Plymouth, UK

Week notes #11

It’s been eleven weeks of these little notes and so much has changed over that time. I’m not really sure who’s reading them but hey these are really just for me to push myself to getting stuff done each week. In fact it’s sort of liberating if no-one’s reading because it means I can be a bit more candid than usual.

Onwards!


This week I continued that freelance project I briefly mentioned a couple of weeks ago. The whole team at Kind is smart and brilliant so it’s always a pleasure hanging out with them again.


After last week’s exploration into the weirdness that is background-blend-mode I thought it’d be a good idea to learn a bit more about the mix-blend-mode property. Although I generally ignored it to begin with because of the browser support it really does let us make quite startling typographic layouts (in the few browsers that support it at least.)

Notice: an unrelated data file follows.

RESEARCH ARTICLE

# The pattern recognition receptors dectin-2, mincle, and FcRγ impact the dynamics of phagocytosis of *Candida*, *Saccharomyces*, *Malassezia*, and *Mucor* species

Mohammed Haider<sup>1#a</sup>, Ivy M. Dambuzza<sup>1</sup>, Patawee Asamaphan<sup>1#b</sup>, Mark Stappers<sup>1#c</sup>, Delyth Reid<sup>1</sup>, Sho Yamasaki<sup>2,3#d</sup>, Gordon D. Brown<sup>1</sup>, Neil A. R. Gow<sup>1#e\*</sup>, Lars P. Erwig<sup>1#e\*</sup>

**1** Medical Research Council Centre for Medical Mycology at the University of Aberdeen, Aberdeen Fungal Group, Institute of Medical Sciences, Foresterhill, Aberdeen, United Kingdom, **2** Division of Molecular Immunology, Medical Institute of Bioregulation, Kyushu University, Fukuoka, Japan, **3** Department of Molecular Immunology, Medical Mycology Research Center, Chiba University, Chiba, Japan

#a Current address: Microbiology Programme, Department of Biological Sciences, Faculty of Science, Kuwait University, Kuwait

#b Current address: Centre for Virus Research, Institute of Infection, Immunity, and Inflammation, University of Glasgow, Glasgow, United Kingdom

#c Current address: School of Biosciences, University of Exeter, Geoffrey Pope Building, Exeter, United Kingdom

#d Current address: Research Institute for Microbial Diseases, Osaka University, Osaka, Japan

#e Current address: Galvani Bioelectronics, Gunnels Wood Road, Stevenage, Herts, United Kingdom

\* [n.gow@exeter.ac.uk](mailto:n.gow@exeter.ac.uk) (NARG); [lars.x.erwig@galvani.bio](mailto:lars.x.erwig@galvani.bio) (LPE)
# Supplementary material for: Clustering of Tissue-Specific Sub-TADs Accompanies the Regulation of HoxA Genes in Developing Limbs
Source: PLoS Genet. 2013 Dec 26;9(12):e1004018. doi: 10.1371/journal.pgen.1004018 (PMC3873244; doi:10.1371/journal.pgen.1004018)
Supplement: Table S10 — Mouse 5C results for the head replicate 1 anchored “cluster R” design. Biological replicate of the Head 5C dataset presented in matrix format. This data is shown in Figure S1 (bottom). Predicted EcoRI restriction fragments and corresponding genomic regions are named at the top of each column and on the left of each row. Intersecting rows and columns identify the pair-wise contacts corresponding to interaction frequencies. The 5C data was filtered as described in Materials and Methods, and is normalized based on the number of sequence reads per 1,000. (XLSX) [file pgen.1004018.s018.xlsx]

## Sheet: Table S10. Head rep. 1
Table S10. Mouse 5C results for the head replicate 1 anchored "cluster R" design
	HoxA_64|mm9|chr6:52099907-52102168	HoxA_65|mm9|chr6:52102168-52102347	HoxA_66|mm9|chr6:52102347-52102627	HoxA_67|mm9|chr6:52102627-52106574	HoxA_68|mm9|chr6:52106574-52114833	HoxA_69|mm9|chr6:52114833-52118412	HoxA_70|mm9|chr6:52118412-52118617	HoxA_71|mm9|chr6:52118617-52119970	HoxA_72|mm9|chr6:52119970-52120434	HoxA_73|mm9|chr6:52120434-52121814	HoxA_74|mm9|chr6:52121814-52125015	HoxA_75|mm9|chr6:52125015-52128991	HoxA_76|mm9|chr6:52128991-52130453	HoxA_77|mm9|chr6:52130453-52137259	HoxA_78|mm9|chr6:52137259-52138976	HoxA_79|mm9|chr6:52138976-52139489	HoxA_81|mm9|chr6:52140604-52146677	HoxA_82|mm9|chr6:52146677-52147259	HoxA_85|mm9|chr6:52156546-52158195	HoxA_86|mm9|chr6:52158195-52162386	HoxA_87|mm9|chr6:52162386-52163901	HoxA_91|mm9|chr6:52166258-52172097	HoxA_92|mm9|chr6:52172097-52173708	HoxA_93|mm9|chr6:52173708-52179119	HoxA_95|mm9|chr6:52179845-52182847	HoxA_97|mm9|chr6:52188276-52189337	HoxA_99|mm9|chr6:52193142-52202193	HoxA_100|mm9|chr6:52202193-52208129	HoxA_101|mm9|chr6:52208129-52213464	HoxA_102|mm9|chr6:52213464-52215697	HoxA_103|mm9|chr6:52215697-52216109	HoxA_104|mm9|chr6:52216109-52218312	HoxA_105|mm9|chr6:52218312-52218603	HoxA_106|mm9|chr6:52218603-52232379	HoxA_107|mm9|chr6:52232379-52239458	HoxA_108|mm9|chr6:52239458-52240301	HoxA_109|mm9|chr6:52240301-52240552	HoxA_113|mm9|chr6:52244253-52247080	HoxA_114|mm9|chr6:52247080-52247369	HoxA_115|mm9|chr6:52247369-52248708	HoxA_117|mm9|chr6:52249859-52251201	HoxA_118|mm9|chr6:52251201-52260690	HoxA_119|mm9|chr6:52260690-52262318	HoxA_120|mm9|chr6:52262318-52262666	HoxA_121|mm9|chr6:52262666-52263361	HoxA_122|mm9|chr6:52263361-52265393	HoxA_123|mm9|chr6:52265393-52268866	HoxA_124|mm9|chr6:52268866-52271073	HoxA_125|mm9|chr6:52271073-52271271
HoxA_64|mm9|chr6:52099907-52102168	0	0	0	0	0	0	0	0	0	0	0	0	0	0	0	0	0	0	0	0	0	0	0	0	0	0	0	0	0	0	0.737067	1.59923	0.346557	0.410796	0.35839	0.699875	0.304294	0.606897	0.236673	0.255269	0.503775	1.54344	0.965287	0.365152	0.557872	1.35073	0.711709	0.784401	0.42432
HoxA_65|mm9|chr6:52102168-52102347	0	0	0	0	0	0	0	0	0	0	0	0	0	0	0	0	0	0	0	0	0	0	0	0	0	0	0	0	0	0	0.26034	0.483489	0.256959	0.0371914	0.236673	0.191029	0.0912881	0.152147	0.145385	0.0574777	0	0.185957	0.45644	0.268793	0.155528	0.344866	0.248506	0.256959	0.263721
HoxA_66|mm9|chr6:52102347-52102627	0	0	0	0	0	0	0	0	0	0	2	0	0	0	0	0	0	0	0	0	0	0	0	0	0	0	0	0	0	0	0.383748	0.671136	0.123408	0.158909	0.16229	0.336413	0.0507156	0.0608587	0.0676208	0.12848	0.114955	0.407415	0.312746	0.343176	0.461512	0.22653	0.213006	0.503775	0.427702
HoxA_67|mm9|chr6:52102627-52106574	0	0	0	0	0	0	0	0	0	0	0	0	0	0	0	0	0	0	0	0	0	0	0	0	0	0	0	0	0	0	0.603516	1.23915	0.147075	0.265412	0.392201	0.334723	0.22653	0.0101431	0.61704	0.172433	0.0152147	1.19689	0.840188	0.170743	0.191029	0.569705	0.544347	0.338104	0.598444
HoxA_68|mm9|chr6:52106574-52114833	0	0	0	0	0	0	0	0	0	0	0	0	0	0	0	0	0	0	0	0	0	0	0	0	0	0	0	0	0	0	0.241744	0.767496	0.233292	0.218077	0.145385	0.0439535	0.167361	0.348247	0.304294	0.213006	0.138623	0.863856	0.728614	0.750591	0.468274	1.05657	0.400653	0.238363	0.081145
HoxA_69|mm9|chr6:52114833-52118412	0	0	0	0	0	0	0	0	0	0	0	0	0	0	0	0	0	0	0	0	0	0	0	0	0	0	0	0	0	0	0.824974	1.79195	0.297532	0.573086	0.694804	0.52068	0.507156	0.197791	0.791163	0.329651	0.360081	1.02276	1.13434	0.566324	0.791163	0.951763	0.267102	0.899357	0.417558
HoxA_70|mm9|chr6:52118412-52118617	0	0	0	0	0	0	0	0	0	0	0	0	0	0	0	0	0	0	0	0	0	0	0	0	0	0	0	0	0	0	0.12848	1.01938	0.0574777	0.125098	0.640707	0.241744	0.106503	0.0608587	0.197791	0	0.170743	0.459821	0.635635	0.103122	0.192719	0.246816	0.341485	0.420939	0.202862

Here’s a Pen where I outright stole the text from House Industries’ post on their new typeface Velo:

See the Pen mix-blend-mode demo by Robin Rendle (@robinrendle) on CodePen.

That demo is using the exclusion attribute that’s available with this property but I also wanted to outline all of them just to see how they effect background-color, text and borders. In the following example I spice things up with a little JavaScript to toggle the CSS attribute on the WASHINGTON D.C. text:

See the Pen mix-blend-mode by Robin Rendle (@robinrendle) on CodePen.


Considering this is a journal about my work it’d be pretty hard to ignore my setup which now includes a 4K Dell monitor. It’s perfect for my own needs since it’s relatively cheap and the pixel density is a pure wonder to design + develop with. Sure, you have to live with all the bullshit that comes with buying a Dell (like the awful documentation, the ugly packaging and the despicable logo on the front) but hey sometimes spending $2000 just to get everything packaged in a nice box with an apple on it isn’t really necessary.

Generally my experience has been great with this screen and I’d thoroughly recommend it if you’re looking for early access to working at a crazy high resolution. Websites do look a little bit wonky and pixelated though, yet it’s reminded me that my own little place on the Internet is long overdue for an update.